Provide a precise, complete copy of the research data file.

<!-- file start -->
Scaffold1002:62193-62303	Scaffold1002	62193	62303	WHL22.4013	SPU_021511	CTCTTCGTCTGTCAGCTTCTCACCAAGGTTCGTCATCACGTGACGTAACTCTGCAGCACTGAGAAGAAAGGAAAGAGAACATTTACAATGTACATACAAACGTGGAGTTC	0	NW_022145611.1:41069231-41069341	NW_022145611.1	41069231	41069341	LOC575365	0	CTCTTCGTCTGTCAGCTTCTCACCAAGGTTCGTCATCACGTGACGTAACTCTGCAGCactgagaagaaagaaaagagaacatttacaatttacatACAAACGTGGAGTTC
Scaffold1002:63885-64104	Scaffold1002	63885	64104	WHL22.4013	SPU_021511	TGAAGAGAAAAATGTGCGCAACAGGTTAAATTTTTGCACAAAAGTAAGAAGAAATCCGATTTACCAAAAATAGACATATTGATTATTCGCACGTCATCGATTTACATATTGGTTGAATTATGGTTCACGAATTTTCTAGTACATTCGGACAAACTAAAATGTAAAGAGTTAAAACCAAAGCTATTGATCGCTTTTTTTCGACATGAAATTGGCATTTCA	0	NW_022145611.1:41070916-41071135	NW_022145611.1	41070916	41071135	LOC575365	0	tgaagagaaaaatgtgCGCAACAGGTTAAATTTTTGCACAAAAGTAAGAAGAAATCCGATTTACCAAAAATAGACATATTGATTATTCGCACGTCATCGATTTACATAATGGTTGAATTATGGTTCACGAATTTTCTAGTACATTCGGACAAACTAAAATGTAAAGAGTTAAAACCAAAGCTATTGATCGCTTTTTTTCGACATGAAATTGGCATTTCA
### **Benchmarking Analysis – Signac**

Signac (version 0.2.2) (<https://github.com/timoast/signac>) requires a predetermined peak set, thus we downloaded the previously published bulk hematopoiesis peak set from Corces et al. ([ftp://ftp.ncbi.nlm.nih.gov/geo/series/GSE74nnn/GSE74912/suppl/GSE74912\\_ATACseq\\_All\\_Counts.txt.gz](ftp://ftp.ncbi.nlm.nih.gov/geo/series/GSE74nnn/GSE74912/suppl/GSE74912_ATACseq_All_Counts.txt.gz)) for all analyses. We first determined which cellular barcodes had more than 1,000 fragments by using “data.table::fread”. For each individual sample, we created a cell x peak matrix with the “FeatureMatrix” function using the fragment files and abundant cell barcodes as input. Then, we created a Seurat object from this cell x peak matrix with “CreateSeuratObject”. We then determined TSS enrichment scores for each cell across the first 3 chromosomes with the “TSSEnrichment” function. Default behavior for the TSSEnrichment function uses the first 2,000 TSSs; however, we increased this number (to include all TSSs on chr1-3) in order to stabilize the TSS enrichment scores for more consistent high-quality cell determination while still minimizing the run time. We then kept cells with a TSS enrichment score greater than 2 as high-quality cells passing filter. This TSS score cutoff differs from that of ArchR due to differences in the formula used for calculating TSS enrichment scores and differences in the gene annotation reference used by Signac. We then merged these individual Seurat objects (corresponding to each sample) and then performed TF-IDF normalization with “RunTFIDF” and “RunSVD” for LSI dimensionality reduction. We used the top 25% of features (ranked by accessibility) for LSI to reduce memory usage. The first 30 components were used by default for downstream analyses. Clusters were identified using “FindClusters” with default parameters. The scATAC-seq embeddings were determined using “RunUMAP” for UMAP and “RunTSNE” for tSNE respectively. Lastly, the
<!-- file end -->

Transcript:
Scaffold1002:62193-62303	Scaffold1002	62193	62303	WHL22.4013	SPU_021511	CTCTTCGTCTGTCAGCTTCTCACCAAGGTTCGTCATCACGTGACGTAACTCTGCAGCACTGAGAAGAAAGGAAAGAGAACATTTACAATGTACATACAAACGTGGAGTTC	0	NW_022145611.1:41069231-41069341	NW_022145611.1	41069231	41069341	LOC575365	0	CTCTTCGTCTGTCAGCTTCTCACCAAGGTTCGTCATCACGTGACGTAACTCTGCAGCactgagaagaaagaaaagagaacatttacaatttacatACAAACGTGGAGTTC
Scaffold1002:63885-64104	Scaffold1002	63885	64104	WHL22.4013	SPU_021511	TGAAGAGAAAAATGTGCGCAACAGGTTAAATTTTTGCACAAAAGTAAGAAGAAATCCGATTTACCAAAAATAGACATATTGATTATTCGCACGTCATCGATTTACATATTGGTTGAATTATGGTTCACGAATTTTCTAGTACATTCGGACAAACTAAAATGTAAAGAGTTAAAACCAAAGCTATTGATCGCTTTTTTTCGACATGAAATTGGCATTTCA	0	NW_022145611.1:41070916-41071135	NW_022145611.1	41070916	41071135	LOC575365	0	tgaagagaaaaatgtgCGCAACAGGTTAAATTTTTGCACAAAAGTAAGAAGAAATCCGATTTACCAAAAATAGACATATTGATTATTCGCACGTCATCGATTTACATAATGGTTGAATTATGGTTCACGAATTTTCTAGTACATTCGGACAAACTAAAATGTAAAGAGTTAAAACCAAAGCTATTGATCGCTTTTTTTCGACATGAAATTGGCATTTCA
### **Benchmarking Analysis – Signac**

Signac (version 0.2.2) (<https://github.com/timoast/signac>) requires a predetermined peak set, thus we downloaded the previously published bulk hematopoiesis peak set from Corces et al. ([ftp://ftp.ncbi.nlm.nih.gov/geo/series/GSE74nnn/GSE74912/suppl/GSE74912\\_ATACseq\\_All\\_Counts.txt.gz](ftp://ftp.ncbi.nlm.nih.gov/geo/series/GSE74nnn/GSE74912/suppl/GSE74912_ATACseq_All_Counts.txt.gz)) for all analyses. We first determined which cellular barcodes had more than 1,000 fragments by using “data.table::fread”. For each individual sample, we created a cell x peak matrix with the “FeatureMatrix” function using the fragment files and abundant cell barcodes as input. Then, we created a Seurat object from this cell x peak matrix with “CreateSeuratObject”. We then determined TSS enrichment scores for each cell across the first 3 chromosomes with the “TSSEnrichment” function. Default behavior for the TSSEnrichment function uses the first 2,000 TSSs; however, we increased this number (to include all TSSs on chr1-3) in order to stabilize the TSS enrichment scores for more consistent high-quality cell determination while still minimizing the run time. We then kept cells with a TSS enrichment score greater than 2 as high-quality cells passing filter. This TSS score cutoff differs from that of ArchR due to differences in the formula used for calculating TSS enrichment scores and differences in the gene annotation reference used by Signac. We then merged these individual Seurat objects (corresponding to each sample) and then performed TF-IDF normalization with “RunTFIDF” and “RunSVD” for LSI dimensionality reduction. We used the top 25% of features (ranked by accessibility) for LSI to reduce memory usage. The first 30 components were used by default for downstream analyses. Clusters were identified using “FindClusters” with default parameters. The scATAC-seq embeddings were determined using “RunUMAP” for UMAP and “RunTSNE” for tSNE respectively. Lastly, the